Once Again, The Hong Kong Government Proves Stubborn On Shark Fin

This, spotted in Hong Kong's busy Central district during rush hour tonight...

Today, Edward Yau, Hong Kong's so-called "Secretary for the Environment", came out officially in the city's semi-autonomous Legislative Council to say that the Hong Kong Government would not change its position on the consumption of shark fin by government officials, and/or legislate against the city's thriving shark fin trade. Going headlong against a ground swell of public opinion, the government maintains the same position it has held since 2005. Once again, Edward Yau of the Environment Bureau is hiding behind the excuse of C.I.T.E.S. - an industry body, that actually enables, rather than prevents, the trade in endangered species. A bit like putting the fox in charge of the chickens, that sort of thing. Anyway, Kudos to Legislator Audrey Eu of the Civic Party who asked today's questions. She's an awesome lady, and she spoke at our press conference back in September too.

Ever quick on the draw, Diego Laje, Argentinian journalist and ex-class mate of mine at the Hong Kong University JMSC, has blogged eloquently on the depressing news here.

Presented below is the full, and somewhat adulterated, text of today's depressing LegCo exchange. My red highlights denote and [comment on] what I believe to be Yau's most dubious quotes:-



Overseas Public Relations Sub-division
Information Services Department

Wednesday, January 12, 2011

LCQ11: Reducing consumption of shark's fin

     Following is a question by the Hon Audrey Eu Yuet-mee and a written reply by the Secretary for the Environment, Mr Edward Yau, at the Legislative Council meeting today (January 12):


     Some environmental groups have pointed out that as only three species of shark are at present protected under the Convention on International Trade in Endangered Species of Wild Fauna and Flora, more than a hundred shark species and closely related species included by the International Union for Conservation of Nature in its Red List of Threatened Species may still face the danger of extinction due to overfishing.  In this connection, will the Government inform this Council:

(a) of the number of banquets and dining parties the Government hosted at public expenses last year, the amount involved, and the number of such banquets in which the menu included shark's fin, with a breakdown by government department;

(b) whether the various government departments had formulated guidelines on suspending the consumption of shark's fin in banquets hosted at public expenses in the past five years; if not, whether they will consider formulating such guidelines; and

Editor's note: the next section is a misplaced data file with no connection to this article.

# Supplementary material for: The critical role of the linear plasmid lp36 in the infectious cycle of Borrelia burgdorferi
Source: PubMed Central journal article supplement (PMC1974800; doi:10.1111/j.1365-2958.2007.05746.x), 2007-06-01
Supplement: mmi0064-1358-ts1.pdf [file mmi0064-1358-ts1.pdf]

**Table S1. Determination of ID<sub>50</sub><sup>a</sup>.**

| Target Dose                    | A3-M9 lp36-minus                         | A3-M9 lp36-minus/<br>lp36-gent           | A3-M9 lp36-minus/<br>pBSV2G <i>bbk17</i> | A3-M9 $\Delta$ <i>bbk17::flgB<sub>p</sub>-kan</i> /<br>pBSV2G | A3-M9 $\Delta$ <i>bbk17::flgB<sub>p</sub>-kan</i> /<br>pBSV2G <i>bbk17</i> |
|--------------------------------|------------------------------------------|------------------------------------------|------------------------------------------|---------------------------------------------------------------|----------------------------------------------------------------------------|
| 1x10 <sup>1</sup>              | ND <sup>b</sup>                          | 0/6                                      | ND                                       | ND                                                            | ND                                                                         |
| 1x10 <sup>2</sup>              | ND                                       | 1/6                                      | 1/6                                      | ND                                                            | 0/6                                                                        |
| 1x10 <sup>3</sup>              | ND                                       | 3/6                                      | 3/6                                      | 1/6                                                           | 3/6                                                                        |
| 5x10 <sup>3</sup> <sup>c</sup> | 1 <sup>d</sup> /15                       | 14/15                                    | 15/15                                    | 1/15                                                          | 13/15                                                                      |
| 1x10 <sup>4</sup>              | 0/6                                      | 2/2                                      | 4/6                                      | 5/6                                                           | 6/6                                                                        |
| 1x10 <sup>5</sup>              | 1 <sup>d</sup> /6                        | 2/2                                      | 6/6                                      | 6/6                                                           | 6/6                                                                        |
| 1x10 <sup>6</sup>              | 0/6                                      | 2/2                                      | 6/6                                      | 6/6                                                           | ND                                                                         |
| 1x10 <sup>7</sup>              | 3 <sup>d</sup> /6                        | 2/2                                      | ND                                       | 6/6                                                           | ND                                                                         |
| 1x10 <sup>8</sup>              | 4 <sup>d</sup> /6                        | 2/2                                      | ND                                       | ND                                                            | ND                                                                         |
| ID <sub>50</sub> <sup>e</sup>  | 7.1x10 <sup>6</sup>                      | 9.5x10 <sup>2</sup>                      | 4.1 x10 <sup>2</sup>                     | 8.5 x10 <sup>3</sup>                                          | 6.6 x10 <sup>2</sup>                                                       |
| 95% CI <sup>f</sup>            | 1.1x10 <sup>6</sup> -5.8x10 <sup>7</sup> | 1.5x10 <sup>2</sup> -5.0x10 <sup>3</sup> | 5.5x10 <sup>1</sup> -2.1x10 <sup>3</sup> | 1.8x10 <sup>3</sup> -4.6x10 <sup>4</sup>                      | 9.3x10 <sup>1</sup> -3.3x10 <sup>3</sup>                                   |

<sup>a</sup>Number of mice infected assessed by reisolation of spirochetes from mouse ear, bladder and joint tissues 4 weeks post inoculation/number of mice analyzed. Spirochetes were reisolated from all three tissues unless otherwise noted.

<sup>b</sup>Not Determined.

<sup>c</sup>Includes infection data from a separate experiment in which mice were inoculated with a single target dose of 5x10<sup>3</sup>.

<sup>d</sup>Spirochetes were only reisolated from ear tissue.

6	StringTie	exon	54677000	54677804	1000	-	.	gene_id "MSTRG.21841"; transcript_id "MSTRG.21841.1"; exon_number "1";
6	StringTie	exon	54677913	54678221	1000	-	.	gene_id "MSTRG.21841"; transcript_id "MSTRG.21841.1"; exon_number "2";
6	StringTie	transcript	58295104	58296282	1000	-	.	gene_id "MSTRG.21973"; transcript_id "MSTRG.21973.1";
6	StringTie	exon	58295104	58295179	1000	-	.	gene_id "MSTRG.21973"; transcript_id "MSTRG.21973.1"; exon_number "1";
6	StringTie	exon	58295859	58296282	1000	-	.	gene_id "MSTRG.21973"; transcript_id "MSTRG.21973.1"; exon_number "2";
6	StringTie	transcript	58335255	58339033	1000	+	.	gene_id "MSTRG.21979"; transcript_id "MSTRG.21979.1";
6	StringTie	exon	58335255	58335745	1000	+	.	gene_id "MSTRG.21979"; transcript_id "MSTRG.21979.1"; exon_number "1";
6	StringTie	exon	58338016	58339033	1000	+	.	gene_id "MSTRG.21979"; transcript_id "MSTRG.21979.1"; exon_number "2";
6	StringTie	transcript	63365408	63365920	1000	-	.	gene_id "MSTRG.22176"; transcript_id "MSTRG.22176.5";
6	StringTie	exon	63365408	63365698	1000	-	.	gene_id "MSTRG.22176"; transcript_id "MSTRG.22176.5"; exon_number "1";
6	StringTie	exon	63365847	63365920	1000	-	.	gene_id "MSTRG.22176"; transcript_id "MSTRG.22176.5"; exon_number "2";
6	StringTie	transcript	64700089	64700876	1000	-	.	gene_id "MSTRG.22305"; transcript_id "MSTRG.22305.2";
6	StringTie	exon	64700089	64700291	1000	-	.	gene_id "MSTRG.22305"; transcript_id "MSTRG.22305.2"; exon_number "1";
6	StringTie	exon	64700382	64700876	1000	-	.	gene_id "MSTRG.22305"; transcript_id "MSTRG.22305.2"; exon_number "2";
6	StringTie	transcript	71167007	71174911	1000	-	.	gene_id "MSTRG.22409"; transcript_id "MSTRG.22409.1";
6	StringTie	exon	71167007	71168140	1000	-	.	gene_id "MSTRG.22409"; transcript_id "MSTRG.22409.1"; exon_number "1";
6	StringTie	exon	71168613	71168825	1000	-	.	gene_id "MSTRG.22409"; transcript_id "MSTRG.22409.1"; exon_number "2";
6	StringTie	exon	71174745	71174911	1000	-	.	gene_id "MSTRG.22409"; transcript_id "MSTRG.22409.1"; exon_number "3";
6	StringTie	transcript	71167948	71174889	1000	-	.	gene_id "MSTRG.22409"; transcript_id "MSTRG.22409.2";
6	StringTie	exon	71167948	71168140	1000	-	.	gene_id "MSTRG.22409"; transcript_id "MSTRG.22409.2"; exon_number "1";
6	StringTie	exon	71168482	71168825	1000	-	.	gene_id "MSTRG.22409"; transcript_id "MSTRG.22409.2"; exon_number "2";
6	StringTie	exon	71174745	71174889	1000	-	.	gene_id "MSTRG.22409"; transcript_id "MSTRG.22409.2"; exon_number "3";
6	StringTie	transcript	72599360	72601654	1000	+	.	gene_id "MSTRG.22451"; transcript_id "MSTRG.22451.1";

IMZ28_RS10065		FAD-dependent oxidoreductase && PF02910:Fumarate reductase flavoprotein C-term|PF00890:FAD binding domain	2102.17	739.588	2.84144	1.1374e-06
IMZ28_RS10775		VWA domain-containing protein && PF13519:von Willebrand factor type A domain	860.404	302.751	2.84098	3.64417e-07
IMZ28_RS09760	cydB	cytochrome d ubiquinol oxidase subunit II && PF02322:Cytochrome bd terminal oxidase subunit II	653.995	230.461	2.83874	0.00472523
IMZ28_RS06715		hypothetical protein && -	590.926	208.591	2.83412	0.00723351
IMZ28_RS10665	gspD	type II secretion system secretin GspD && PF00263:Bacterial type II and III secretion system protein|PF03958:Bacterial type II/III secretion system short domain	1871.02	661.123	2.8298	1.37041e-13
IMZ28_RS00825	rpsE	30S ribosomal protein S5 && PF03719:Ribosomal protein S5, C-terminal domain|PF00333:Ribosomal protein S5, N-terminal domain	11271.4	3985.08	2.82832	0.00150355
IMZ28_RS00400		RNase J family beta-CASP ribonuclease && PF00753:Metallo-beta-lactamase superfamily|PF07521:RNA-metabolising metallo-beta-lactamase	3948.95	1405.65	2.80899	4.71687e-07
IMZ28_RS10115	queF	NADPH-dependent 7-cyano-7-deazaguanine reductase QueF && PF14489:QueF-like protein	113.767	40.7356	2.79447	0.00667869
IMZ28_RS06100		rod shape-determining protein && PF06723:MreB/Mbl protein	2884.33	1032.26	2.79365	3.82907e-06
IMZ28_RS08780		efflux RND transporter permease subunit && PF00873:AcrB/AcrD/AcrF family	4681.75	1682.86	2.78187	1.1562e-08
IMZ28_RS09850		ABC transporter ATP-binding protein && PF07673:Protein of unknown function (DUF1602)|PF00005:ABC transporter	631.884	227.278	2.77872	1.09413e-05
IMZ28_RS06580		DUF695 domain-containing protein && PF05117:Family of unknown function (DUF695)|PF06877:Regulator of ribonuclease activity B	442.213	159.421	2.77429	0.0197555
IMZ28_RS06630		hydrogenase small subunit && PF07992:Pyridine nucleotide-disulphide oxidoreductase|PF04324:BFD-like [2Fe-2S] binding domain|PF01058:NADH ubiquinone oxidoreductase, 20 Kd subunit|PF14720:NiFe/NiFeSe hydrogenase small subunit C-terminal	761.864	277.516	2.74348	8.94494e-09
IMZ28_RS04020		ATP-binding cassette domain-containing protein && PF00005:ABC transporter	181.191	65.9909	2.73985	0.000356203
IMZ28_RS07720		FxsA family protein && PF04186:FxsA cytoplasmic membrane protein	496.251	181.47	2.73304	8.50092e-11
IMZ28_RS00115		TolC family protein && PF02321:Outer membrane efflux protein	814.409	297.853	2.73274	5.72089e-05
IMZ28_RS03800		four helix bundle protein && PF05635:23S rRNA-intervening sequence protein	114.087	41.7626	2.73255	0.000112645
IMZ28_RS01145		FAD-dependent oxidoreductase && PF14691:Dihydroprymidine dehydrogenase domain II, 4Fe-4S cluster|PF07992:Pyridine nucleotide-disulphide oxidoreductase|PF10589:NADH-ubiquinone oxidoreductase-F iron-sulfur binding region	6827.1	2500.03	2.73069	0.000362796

(c) whether last year the Government had educated members of the public and promoted the message of reducing consumption of shark's fin in order to safeguard the ecological balance; if it had, of the resources devoted in this regard; if not, the reasons for that?



     My reply to the three parts of the question is as follows:

(a) In respect of using public funds on official banquets and meals, the Government has internal guidelines that set their budgets which departments need to observe.  When organising official entertainments, we also emphasise that the occasion should be decent but not give an impression that it is extravagant.  Hence, when departments use public funds to organise banquets and meals, the menus do not generally include shark fin.  [This is doublespeak, and means that they do sometimes serve it.]

     As regards information on the number of banquets and meals the Government organised using public funds last year, the amount involved, the number of such banquets in which the menu included shark fin, and with a breakdown by government departments, such extensive information involves all departments and their offices, and covers a wide scope.  And since we also do not keep information on menus for banquets and meals of different scales held in the past, we are not in a position to provide such detailed information.  [The Hong Kong Government is a sprawling bureaucracy, of course they have the "detailed information". They just do not think the issue is important enough to dig it up and compile it into a report.]

(b) Currently, there are about 320 shark species, most of which could be freely traded in Hong Kong.  Three shark species, i.e. Great White Shark, Basking Shark and Whale Shark, have been listed in the Convention on International Trade in Endangered Species of Wild Fauna and Flora (CITES).  The CITES is an international agreement among governments of different states, which seeks to ensure that the survival of wild animals and plants will not be threatened because of international trade.  The Government is committed to protecting endangered species. [!!!] We implement the Protection of Endangered Species of Animals and Plants Ordinance (Chapter 586) to strictly regulate the trade of species listed in the Appendices of CITES to fulfil the CITES requirements.  At present, the laws of Hong Kong regulate the trading of shark species in accordance with the CITES requirements.  With regard to the shark species not yet listed in CITES, the laws of Hong Kong do not restrict its commercial trade.  The International Union for Conservation of Nature (IUCN) is an international conservation organisation, and its works include compiling a list which lists out the conservation status of different species around the world.  In considering whether to list certain species in the CITES Appendices, the CITES Conference of the Parties will consider a number of factors including the specie's quantity, management status, and will also draw reference from the list compiled by IUCN.

     The Government all along abides by CITES [See Doug Woodring's Op-Ed piece in the SCMP below] and the local legislation.  We do not think it is appropriate to lay down guidelines to regulate the kind of food to be consumed in official banquets and meals. [Why not? Around 80 corporations in Hong Kong have done exactly that - by signing up to the WWF's corporate pledge not to serve shark fin at their company dinners.]